With her husband working from home, internet access and ample food in the house, Stein worries about others who don’t have those resources.
“We can skate through this without much difficulty,” said Stein, noting Sarah has plenty of school work to do. “But I’m very aware that we’re extremely lucky.”
Wyoming High School sophomore Aidan Curtis said he plans to make the most of his time at home, focus on core classes and getting things done virtually.
“I was more surprised than anything. I thought they would push it off to at least Spring Break,” he said of the closure. “I feel like we can get caught up pretty quickly online.”
He said he plans to spend the time studying and still trying to enjoy life.
“School is always at the forefront of my attention. After school comes play. I will go with the flow,” Aidan said. “I never would have thought this day would come.”
He said he supports the closure, but is concerned about the level of alarm from people.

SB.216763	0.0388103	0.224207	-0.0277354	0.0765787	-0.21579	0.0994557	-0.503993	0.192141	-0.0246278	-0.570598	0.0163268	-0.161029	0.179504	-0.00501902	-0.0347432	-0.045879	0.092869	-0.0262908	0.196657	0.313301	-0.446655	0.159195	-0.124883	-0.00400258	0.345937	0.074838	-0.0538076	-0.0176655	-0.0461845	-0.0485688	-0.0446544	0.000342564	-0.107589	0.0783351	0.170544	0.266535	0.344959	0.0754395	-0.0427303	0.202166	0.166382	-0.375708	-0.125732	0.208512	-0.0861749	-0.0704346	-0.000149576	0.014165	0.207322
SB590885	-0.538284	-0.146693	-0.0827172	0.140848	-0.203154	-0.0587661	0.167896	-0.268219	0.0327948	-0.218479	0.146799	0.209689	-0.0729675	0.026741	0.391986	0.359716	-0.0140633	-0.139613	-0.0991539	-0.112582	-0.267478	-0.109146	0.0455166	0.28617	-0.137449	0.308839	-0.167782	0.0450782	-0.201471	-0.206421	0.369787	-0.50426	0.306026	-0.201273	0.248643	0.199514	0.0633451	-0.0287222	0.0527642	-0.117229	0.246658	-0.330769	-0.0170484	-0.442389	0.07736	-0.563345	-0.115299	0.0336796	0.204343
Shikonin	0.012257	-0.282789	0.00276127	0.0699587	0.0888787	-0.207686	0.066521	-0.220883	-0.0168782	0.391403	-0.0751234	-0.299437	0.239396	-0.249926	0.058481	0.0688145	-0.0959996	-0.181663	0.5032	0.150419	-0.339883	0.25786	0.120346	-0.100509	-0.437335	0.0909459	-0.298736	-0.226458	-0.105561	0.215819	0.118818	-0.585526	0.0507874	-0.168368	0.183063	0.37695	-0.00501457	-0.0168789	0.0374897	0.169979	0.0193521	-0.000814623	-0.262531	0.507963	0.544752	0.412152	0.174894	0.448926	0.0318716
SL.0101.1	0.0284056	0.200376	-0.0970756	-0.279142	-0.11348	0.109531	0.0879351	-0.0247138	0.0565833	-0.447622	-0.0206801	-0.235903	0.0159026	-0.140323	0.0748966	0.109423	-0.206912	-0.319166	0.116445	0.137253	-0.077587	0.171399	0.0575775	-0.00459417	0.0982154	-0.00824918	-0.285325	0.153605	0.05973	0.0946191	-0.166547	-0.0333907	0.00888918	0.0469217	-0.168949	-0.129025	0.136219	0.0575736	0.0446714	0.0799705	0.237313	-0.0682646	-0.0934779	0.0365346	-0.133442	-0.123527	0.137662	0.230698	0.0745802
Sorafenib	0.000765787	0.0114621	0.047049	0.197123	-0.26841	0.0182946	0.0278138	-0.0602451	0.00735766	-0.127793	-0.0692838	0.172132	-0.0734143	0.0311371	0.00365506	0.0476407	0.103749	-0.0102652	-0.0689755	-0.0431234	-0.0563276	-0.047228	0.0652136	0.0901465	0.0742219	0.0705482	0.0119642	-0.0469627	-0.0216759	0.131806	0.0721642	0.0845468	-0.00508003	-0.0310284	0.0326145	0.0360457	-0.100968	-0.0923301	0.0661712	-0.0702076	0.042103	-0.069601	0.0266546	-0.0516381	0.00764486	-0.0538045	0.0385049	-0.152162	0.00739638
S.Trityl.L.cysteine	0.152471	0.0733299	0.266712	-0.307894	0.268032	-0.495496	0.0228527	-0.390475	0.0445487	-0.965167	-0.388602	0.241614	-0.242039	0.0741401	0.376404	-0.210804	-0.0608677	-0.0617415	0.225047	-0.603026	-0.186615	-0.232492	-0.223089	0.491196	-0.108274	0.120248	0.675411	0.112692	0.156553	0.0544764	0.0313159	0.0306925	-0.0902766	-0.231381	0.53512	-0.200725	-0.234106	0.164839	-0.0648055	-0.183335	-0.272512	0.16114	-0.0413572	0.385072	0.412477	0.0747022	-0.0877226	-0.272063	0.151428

“I think the precautionary measures are wise. Maybe it shouldn’t be as scary, for lack of a better word, from the media. I feel like people are panicking. Panicking never resulted in anything positive.”
Aidan said he feels lucky his grandma can watch his elementary-aged sister while his mother works. “We are lucky we have that option. Some people don’t have that.”
Teachers Rethinking Lessons
The break from in-classroom instruction means teachers will have to devise ways to teach from a distance. While some districts have one-to-one computer devices for all their students, others face a stark disparity in their students’ digital resources and access.